Role models of greatness.

Here you will discover the back stories of kings, titans of industry, stellar athletes, giants of the entertainment field, scientists, politicians, artists and heroes – all of them gay or bisexual men. If their lives can serve as role models to young men who have been bullied or taught to think less of themselves for their sexual orientation, all the better. The sexual orientation of those featured here did not stand in the way of their achievements.

Saturday, September 24, 2011

Billy Sipple, Heroic Marine & Vietnam Vet

The Gay Ex-marine Who Saved a President's Life

Thirty six years ago this week Sara Jane Moore tried to assassinate President Gerald Ford outside the St. Francis Hotel in San Francisco. Oliver "Billy" Sipple, a gay former Marine and Vietnam veteran, was standing next to her as she raised a gun and fired it at the president. Sipple grabbed Moore's arm as she made the shot, saving Ford’s life. Her shot missed the president’s head by just six inches.

Afterward, he refused to call himself a hero and said that anyone would have done the same. He lived a deeply closeted life, well beneath the radar in San Francisco's gay community. He was involved with a few gay activist causes, but was careful that his sexuality was not revealed.

That all changed when San Francisco Chronicle columnist Herb Caen and Harvey Milk disclosed Sipple’s homosexuality in 1975 in an unwitting attempt to show that gay people can do heroic things.

Sipple was a decorated U.S. Marine who was wounded by shrapnel during combat in Vietnam.That he risked his life to save his commander in chief, even though he was not on duty, has added to his legacy. Yesterday, Thursday, September 22, 2011, was celebrated as Billy Sipple Day in San Francisco. For decades Sipple has been honored as a hero – the gay Vietnam vet who saved a president’s life.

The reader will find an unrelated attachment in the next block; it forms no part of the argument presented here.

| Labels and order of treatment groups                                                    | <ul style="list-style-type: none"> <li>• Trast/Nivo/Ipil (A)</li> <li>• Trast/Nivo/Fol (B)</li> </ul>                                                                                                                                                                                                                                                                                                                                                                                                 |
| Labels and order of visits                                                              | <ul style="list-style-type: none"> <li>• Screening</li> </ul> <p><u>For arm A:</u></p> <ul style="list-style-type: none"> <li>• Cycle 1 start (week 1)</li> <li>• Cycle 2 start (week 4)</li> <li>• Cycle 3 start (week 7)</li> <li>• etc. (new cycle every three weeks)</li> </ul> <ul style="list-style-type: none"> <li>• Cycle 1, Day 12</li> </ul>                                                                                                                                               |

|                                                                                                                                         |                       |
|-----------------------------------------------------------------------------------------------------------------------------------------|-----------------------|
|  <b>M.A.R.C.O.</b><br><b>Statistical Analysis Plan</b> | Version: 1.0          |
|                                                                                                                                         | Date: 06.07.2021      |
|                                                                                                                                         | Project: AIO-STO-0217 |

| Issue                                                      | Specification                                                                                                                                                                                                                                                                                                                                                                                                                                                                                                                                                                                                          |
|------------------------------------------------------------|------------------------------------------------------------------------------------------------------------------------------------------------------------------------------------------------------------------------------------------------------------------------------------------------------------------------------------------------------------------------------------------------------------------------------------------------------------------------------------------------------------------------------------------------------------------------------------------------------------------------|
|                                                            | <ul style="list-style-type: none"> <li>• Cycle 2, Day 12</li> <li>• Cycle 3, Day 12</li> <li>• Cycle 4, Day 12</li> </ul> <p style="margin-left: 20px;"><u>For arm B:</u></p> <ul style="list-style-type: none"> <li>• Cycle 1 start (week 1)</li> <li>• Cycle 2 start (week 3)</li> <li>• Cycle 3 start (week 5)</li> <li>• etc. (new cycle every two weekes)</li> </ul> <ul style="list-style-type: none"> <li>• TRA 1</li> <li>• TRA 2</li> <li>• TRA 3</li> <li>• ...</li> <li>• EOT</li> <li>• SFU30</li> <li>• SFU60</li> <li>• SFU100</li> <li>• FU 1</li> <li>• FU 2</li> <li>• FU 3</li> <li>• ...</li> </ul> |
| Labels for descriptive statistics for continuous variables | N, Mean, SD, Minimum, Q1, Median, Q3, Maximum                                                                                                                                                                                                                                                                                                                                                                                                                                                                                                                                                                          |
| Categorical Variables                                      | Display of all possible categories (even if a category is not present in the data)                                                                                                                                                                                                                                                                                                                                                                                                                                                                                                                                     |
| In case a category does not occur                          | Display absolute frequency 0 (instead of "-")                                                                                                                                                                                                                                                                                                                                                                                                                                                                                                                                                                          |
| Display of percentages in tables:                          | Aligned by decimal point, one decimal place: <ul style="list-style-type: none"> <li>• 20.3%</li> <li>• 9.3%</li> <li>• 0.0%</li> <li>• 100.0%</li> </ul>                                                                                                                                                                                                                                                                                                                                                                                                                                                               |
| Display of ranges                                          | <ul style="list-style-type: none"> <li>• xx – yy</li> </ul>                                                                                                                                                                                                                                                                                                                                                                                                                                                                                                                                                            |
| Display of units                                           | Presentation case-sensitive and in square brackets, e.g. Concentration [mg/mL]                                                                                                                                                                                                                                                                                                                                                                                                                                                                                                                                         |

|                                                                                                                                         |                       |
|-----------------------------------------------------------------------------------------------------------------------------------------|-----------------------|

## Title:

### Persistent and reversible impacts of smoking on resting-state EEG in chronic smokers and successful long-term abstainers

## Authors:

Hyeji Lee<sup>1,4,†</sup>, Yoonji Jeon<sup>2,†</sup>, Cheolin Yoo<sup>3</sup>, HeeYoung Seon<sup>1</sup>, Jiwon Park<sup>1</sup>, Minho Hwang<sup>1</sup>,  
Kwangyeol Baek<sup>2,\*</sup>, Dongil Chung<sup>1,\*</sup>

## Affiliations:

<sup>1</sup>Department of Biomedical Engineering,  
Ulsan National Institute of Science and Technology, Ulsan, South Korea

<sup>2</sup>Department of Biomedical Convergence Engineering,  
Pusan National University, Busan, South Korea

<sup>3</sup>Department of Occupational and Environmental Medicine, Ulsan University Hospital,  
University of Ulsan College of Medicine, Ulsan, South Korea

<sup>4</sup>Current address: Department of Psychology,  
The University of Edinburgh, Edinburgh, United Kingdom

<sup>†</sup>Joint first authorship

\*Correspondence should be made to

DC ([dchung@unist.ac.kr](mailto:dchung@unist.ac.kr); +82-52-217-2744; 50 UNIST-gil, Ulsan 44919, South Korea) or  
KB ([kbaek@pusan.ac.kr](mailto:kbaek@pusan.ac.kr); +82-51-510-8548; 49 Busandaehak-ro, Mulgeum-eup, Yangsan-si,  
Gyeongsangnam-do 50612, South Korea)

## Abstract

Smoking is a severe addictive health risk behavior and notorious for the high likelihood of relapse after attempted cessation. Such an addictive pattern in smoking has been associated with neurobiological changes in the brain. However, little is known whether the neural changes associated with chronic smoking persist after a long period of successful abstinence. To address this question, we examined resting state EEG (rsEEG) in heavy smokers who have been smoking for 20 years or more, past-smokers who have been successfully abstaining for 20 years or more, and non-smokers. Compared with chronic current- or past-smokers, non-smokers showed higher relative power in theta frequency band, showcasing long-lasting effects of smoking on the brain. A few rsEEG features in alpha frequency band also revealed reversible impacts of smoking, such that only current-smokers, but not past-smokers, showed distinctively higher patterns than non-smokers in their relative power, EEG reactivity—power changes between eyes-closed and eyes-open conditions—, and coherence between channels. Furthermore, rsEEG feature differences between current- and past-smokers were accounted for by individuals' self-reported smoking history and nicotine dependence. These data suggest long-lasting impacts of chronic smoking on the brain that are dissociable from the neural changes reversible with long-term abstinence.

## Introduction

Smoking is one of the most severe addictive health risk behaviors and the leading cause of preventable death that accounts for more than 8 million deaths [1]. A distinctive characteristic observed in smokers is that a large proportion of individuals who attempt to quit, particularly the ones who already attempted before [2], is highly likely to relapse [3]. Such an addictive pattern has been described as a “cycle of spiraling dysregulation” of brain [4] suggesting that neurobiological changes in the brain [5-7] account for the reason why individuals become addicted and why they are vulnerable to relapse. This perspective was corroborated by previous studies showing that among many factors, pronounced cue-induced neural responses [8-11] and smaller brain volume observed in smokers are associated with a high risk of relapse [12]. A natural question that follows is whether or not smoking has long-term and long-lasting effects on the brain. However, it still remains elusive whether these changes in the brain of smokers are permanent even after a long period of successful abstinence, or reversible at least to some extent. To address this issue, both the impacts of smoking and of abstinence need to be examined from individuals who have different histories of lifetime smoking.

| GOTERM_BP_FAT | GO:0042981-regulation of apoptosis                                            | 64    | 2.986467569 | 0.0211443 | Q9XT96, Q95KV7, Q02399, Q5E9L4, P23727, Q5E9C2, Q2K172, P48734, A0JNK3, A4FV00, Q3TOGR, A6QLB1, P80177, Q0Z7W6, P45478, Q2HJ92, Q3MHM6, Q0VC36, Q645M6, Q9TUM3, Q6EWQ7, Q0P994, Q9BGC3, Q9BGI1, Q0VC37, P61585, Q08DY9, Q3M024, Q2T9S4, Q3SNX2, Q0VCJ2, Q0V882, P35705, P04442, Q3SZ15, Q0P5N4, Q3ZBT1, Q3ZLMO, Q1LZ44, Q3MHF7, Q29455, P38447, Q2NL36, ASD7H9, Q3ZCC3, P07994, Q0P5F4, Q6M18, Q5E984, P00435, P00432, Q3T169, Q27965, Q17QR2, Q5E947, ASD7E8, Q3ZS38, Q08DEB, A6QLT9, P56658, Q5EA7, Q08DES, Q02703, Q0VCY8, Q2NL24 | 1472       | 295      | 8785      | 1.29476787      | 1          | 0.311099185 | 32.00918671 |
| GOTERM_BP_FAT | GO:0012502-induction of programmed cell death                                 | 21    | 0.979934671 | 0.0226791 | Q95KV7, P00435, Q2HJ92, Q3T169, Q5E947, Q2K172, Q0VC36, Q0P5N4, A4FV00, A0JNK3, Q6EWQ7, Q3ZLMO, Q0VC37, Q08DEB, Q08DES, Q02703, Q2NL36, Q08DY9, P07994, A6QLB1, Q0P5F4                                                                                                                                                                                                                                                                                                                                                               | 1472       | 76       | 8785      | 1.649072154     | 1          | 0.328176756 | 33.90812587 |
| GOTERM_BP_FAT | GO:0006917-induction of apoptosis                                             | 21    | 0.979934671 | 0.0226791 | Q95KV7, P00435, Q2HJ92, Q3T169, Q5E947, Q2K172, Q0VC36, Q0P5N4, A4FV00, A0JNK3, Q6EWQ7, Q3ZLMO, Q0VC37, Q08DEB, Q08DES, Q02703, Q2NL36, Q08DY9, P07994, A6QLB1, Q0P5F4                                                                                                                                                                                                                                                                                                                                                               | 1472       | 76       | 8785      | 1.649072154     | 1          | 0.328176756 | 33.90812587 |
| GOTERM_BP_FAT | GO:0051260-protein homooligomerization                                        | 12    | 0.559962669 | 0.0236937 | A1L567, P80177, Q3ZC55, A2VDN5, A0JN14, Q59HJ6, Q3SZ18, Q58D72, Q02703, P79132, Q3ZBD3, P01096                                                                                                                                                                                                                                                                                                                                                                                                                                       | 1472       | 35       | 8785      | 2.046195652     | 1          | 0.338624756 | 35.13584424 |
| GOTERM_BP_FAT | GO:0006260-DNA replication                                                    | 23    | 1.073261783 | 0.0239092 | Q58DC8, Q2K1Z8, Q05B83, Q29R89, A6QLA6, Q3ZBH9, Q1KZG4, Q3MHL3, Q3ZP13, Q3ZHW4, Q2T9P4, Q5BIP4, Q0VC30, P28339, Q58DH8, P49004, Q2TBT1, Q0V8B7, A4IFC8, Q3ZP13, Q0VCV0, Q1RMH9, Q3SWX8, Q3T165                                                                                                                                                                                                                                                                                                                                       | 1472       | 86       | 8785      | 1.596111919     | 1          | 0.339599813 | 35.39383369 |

At the time, however, the disclosure of Sipple's homosexuality backfired in a big way. Sipple had not yet come out to his family, and his mother disowned him. Sipple filed a $15 million dollar invasion-of-privacy lawsuit (later dismissed) against the newspapers that outed him. His parents were tracked down and ridiculed about their gay son. His brother stated, "There were a lot of times Billy wished he had never saved the president's life, for all the anguish it caused him. He only spoke that way when he was drinking. He said life would have been so much simpler if he hadn't have done it."

Billy’s father and two brothers all worked for GM in Detroit, where they were met with taunts and jeers at the factory. Sipple’s mother was harassed by neighbors, and soon the family became estranged.

Because of the stress brought on by his outing, Sipple began drinking to excess. When he received a delayed note from President Ford thanking Sipple for his “selfless actions,” Billy saw it as an unpleasant reminder of bitterness at being outed and as a too stand-offish form of thanks. His brother said that Billy was upset that there was no invitation to the White House, not even a commendation, just a short note of thanks. The White House had waited for days before publicly thanking Sipple, while staff debated an appropriate response after learning that the heroic Sipple was gay

Sipple was found dead on top of his bed in 1989 with a bottle of bourbon at his side. He had died of pneumonia, but had been dead for 2 weeks when his body was discovered. When his family later collected his effects from his San Francisco residence, they discovered a framed letter from President Ford hanging on the wall. A few days later President Ford sent a note of condolence to the family.


  1. Now that is a story, what a story.

  2. Everyone assumes that "coming out" is a positive thing, but this is a prime example of the fact that it can lead to tragic results. No media outlet has the right to decide when, or if, one should "be outed". They invaded his privacy and they had no right to do that. So sad!